YIIK: A Postmodern RPG presents itself as one of the most intriguing turn-based games in recent memory. A soundtrack produced with the help of Toby Fox and Hiroki Kikuta, gameplay inspired by the Persona franchise, and a surreal plot that follows the events of Y2K with plenty of nostalgic 90s references, it seems like a perfect recipe for a great game. Unfortunately, the game isn’t able to live up to the hype around it and falls flat in many different aspects. Ackk Studios’ YIIK is riddled with redundant gameplay, long load times, and other features that make this title feel like more of a chore than an enjoyable experience.

YIIK A Postmodern RPG Review

Intriguing Approach

At first glance, this may seem like an incredibly fascinating take on the RPG genre. Players are thrown into the world of Alex, a recent college graduate who is headed back home. After arriving in town, his mother sends him to the store to grab some groceries for her but a quick detour to chase after a cat sends his whole world awry. On paper, it sounds a bit far-fetched and random yet it feels a lot more fluid when played through. The plot is very interesting and kept me driving through the game to see how it unwrapped, despite its weaknesses. It’s also filled with a vast amount of references to the 1990s. For instance, Alex’s own home is modeled after Danny Tanner’s from Full House. These are fun little nods to the decade while not overly relying on them to sell this product, which is much appreciated.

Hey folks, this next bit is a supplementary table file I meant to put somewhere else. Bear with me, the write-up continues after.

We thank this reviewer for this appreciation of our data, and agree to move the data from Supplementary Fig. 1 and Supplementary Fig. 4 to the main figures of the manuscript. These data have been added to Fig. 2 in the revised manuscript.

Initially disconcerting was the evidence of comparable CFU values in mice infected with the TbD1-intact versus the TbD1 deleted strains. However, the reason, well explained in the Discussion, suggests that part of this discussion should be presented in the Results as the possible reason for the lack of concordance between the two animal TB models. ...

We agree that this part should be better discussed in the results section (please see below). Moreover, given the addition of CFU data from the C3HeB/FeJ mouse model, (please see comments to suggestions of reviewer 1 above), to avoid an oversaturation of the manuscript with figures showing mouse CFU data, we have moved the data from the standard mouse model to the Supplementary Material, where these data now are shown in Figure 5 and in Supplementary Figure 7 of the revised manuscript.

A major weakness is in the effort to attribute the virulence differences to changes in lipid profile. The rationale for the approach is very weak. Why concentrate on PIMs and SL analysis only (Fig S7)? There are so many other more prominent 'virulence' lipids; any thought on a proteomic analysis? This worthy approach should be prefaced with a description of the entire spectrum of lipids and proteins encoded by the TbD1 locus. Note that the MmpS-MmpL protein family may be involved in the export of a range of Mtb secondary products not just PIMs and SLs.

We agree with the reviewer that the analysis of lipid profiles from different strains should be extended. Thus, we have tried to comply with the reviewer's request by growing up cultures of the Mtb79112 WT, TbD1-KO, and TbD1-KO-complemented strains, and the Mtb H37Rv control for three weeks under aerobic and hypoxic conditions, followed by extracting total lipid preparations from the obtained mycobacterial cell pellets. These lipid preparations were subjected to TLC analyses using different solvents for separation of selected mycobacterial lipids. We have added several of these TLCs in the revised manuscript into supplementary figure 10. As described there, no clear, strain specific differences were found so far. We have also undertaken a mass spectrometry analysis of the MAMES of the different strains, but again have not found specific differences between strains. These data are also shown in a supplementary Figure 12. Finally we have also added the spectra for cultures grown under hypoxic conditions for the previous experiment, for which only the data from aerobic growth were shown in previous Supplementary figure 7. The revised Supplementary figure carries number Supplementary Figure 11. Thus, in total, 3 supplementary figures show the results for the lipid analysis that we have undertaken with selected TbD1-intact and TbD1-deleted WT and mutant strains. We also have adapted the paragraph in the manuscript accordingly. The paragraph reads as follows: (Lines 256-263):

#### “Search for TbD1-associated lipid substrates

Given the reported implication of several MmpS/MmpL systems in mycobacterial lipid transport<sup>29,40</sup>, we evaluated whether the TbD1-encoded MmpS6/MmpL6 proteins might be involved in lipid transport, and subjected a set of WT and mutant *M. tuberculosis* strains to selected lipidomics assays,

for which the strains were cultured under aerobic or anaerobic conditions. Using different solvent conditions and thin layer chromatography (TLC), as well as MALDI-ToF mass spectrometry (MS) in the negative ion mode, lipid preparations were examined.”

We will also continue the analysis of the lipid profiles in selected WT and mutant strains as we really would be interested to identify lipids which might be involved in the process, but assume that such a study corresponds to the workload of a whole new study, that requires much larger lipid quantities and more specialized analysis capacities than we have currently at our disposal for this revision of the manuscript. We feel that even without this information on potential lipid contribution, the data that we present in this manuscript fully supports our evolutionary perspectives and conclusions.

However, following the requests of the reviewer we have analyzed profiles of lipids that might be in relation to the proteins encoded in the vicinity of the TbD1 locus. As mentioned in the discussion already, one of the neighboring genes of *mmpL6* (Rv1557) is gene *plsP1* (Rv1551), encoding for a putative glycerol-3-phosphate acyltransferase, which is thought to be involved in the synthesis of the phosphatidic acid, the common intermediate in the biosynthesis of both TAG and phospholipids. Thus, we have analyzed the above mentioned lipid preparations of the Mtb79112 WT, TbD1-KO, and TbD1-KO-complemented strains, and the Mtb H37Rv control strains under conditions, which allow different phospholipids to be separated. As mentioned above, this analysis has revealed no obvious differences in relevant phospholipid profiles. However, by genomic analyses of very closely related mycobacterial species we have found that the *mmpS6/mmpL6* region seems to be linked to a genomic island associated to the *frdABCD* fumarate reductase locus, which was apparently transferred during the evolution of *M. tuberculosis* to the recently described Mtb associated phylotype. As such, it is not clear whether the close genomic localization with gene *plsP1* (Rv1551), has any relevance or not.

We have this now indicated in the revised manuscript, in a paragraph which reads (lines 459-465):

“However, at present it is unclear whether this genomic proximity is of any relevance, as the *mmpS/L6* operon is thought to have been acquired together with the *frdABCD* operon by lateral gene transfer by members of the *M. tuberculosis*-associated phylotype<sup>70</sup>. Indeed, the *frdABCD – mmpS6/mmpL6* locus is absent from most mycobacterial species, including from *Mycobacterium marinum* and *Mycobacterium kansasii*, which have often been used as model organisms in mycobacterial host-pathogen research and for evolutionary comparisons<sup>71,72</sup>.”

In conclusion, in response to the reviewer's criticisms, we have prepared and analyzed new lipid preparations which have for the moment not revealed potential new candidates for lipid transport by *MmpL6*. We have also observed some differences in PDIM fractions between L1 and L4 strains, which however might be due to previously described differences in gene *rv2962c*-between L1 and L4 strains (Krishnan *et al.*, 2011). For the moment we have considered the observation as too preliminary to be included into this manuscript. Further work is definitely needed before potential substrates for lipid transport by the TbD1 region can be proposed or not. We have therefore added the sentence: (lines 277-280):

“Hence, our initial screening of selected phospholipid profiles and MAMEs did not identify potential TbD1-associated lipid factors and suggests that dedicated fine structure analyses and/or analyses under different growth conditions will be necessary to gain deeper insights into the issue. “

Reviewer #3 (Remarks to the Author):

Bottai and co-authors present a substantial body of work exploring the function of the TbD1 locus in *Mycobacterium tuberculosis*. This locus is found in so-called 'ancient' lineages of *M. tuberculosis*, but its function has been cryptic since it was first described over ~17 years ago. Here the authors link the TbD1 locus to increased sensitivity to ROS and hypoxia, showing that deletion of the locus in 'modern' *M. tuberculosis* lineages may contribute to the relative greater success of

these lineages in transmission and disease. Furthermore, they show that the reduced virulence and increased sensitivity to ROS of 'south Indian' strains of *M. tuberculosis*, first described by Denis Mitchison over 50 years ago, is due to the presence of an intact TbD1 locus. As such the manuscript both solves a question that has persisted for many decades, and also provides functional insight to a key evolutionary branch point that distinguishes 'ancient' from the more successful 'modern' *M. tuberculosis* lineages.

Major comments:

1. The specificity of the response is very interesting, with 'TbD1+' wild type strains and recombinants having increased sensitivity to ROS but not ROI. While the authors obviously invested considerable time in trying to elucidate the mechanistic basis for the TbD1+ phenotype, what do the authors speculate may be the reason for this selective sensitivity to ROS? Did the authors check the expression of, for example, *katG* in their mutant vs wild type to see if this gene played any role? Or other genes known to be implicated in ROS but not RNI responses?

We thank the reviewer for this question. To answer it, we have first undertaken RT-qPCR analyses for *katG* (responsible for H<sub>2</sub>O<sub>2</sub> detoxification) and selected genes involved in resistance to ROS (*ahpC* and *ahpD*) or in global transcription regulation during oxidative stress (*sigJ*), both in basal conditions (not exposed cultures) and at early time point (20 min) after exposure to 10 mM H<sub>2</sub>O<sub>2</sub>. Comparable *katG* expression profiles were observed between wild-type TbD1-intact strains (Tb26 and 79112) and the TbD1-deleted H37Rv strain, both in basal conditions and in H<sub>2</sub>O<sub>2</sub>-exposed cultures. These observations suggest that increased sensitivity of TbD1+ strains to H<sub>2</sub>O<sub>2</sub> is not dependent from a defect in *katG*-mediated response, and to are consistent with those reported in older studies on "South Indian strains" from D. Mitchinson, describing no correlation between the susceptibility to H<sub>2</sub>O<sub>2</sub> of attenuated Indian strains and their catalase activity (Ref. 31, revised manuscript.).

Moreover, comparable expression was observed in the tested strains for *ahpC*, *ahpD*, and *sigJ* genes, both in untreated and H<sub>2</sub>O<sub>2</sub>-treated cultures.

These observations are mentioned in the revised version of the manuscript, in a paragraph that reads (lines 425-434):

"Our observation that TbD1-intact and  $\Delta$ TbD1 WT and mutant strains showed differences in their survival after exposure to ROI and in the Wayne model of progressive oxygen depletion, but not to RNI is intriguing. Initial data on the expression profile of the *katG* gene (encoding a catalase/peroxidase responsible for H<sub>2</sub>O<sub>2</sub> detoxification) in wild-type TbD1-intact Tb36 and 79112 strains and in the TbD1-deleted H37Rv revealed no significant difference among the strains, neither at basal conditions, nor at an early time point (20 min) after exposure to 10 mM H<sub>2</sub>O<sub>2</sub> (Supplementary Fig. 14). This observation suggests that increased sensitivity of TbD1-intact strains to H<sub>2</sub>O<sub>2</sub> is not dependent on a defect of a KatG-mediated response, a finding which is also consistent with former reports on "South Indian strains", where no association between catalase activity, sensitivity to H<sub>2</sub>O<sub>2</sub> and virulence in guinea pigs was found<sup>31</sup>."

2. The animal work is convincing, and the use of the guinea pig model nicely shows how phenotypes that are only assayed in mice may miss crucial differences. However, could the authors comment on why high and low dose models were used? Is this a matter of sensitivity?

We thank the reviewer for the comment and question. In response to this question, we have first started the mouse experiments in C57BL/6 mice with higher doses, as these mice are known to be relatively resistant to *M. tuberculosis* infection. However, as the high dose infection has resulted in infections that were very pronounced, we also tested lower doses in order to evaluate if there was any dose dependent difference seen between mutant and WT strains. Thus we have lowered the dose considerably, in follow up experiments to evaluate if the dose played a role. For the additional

Characters and your relationship with them are also key aspects of the title. There aren’t dialogue choices though, which is unfortunate because it would’ve been nice to define how your version of Alex should be. Alex comes off as a bit of a hipster snob that holds himself to a higher status since graduating. He reaks of narcissism while also being pretentious, so much so that it tends to hold him back from being any bit likable. Plus, he, for some reason, needs to narrate every single action in the game. It got to a point where I was begging him to shut up just for a second. Other figures that make an appearance are more enjoyable but their dialogue can feel off. Certain scenes don’t feel natural and look like they’re trying too hard to appeal to the person staring at the screen rather than emulating an actual human experience.

YIIK A Postmodern RPG Review

Drawn-Out Gameplay

In terms of combat, the game takes a mini-game style approach, similar to Saturday Morning RPGUnlike that game, though, every single enemy encounter feels like a chore. Alex’s main weapon is his favorite vinyl, which he uses to swing at enemies. For the vinyl to land any sort of hit, players have to press A on the yellow section of the record. This may appear like a simple task, but it’s much more tedious because of just how fast the record spins. Along with the fast spinning, you’ll need perfect timing if you want to land more than one hit on the enemy. There is a time meter to help slow it down, but it gets used up quickly unless you turn on Assist Mode. When using Alex, I constantly wondered why I couldn’t land more than two combos. Well, that’s because that red area on the disc actually lets you spin one more time. Why the developer decided on the color red for this, which deterred me from even trying to touch it, I have no clue.